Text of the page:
My personal facebook account is public so anyone can view it. But I’d much prefer people to comment at the blog itself than at my facebook account. As you know, I find Facebook an unsuitable platform for deep and meaningful discussion.
Upcoming posts at The Mystery Of Iniquity —
- Why is the church so slow at responding rightly to the epidemic of abuse?
- Evildoers catch/ seize/ snatch/ ravish
Check out The Mystery of Iniquity
2 Thessalonians 2:10b-12
They perish because they would not receive the love of the truth, so that they might have been saved. And therefore God will send them strong delusion, so that they will believe lies; so that all may be judged who did not believe the truth, but had pleasure in unrighteousness.
Now the two angels came to Sodom in the evening, and Lot was sitting in the gate of Sodom. When Lot saw them, he rose to meet them, and he bowed himself with his face toward the ground. And he said, “Here now, my lords, please turn in to your servant’s house and spend the night, and wash your feet; then you may rise early and go on your way.”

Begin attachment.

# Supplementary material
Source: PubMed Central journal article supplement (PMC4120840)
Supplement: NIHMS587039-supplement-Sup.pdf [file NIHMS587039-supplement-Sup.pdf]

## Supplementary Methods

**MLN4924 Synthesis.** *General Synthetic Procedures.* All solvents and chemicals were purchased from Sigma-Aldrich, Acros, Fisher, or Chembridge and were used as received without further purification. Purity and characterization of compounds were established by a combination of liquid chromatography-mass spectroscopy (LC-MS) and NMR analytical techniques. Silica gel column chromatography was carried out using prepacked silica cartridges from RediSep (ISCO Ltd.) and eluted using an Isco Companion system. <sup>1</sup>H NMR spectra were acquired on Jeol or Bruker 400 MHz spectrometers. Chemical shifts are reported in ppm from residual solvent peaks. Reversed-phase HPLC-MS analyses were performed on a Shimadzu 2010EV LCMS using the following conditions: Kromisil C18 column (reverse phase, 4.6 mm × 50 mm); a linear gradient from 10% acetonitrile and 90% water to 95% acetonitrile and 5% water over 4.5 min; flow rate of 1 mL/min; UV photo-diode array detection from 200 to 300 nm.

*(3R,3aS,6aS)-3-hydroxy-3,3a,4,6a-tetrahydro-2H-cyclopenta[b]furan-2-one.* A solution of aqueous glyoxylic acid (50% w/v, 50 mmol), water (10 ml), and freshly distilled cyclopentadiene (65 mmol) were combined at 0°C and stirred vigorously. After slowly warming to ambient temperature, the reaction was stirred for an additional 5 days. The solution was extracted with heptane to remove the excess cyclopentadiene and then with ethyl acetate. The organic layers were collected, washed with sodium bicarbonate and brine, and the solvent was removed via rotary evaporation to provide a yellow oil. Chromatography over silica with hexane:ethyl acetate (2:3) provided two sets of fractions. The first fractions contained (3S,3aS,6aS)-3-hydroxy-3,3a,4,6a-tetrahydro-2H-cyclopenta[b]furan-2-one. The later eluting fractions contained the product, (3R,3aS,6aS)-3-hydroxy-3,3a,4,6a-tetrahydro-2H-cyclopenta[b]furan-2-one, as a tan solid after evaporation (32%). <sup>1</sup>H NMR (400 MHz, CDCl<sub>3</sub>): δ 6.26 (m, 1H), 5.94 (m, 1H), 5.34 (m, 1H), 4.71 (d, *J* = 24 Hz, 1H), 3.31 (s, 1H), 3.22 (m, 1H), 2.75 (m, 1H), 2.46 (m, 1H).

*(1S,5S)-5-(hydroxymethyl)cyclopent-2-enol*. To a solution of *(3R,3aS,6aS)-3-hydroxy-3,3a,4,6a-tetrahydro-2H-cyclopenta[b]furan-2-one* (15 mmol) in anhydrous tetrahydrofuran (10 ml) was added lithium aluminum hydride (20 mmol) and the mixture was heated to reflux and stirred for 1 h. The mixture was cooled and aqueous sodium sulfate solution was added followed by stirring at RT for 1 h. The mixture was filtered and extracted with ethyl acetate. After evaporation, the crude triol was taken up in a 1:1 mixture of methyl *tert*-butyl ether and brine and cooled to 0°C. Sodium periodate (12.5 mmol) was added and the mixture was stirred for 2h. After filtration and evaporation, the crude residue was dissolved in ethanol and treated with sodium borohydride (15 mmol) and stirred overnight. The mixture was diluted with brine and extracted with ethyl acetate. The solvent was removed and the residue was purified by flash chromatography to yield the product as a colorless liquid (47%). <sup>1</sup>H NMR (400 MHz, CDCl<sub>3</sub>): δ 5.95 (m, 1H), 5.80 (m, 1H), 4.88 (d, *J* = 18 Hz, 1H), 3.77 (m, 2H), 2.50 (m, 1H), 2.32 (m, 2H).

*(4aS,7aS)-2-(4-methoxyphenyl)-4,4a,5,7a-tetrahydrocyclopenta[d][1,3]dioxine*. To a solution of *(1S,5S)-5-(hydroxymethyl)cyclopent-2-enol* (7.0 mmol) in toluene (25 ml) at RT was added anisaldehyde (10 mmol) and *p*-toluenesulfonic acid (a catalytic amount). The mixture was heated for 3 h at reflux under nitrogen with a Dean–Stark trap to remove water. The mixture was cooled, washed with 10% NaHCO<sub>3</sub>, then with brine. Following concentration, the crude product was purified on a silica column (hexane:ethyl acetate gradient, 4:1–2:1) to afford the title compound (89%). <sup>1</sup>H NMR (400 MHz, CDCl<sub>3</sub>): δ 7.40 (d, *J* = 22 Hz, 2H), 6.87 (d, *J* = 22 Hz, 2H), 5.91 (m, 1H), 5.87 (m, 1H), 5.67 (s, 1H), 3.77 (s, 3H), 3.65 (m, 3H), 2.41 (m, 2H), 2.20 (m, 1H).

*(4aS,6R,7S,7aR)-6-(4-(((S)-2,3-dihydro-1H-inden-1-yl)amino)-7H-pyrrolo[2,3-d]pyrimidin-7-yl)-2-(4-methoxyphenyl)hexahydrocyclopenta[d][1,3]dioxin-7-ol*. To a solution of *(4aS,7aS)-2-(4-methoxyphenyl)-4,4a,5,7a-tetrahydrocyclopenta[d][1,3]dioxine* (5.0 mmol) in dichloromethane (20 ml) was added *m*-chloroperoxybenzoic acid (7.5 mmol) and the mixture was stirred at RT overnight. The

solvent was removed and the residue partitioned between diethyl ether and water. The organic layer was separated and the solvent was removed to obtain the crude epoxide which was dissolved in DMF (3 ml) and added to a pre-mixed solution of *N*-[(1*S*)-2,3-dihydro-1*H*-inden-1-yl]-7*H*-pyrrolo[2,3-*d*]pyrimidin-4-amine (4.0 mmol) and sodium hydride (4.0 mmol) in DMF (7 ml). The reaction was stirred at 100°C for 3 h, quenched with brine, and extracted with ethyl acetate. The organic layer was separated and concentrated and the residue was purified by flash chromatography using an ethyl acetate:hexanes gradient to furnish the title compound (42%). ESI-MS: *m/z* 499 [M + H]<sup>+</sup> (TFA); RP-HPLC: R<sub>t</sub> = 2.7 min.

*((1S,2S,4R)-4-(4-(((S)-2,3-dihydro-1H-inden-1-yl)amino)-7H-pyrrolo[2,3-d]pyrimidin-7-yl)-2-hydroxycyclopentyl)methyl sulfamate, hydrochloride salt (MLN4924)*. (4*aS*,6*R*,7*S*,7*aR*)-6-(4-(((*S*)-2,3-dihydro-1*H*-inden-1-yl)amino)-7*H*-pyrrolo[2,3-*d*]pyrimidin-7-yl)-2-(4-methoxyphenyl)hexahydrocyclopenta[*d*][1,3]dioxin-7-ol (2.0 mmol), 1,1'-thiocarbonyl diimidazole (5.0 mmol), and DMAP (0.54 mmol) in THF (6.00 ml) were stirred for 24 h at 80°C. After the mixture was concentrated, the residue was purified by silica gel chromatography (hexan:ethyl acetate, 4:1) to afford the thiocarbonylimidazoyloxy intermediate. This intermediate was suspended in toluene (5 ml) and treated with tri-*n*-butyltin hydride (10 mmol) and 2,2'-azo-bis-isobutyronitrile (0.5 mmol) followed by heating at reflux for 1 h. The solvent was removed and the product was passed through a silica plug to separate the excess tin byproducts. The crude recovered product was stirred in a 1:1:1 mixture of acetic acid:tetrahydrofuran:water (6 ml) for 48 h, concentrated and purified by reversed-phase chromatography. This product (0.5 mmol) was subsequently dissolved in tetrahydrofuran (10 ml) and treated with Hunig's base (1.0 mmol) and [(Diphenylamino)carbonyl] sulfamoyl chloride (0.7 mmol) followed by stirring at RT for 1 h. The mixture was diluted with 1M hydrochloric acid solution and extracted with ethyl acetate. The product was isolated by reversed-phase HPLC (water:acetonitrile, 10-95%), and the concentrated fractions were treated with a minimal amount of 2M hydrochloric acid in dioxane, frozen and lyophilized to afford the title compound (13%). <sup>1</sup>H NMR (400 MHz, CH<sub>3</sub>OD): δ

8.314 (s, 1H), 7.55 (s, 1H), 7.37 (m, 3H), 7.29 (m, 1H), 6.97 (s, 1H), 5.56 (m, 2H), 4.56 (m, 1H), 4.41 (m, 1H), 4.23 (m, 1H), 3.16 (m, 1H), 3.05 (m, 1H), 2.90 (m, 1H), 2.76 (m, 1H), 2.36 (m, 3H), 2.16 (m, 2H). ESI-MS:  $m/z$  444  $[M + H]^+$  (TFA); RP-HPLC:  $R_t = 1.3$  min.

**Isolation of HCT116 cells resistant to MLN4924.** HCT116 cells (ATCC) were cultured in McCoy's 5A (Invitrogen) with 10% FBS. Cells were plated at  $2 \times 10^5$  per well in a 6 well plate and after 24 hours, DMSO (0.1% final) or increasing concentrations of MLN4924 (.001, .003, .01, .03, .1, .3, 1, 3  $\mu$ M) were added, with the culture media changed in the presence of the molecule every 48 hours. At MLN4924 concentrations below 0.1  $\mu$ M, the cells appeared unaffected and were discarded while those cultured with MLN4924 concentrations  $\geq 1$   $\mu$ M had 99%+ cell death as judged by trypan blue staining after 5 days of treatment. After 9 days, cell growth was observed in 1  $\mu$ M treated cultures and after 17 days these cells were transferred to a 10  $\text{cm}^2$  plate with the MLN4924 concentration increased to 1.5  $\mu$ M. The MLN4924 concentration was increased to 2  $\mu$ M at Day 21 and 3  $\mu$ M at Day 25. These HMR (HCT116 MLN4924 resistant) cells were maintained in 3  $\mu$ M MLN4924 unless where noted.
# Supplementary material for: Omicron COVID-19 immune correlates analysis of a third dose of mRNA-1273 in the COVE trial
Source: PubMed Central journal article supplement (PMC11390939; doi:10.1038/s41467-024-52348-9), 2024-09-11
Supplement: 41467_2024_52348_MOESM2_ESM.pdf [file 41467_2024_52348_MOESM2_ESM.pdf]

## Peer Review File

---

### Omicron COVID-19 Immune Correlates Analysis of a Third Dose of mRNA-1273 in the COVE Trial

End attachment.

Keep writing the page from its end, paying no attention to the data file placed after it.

And they said, “No, but we will spend the night in the open square.”
But he insisted strongly; so they turned in to him and entered his house. Then he made them a feast, and baked unleavened bread, and they ate.
Now before they lay down, the men of the city, the men of Sodom, both old and young, all the people from every quarter, surrounded the house. And they called to Lot and said to him, “Where are the men who came to you tonight? Bring them out to us that we may know them carnally.”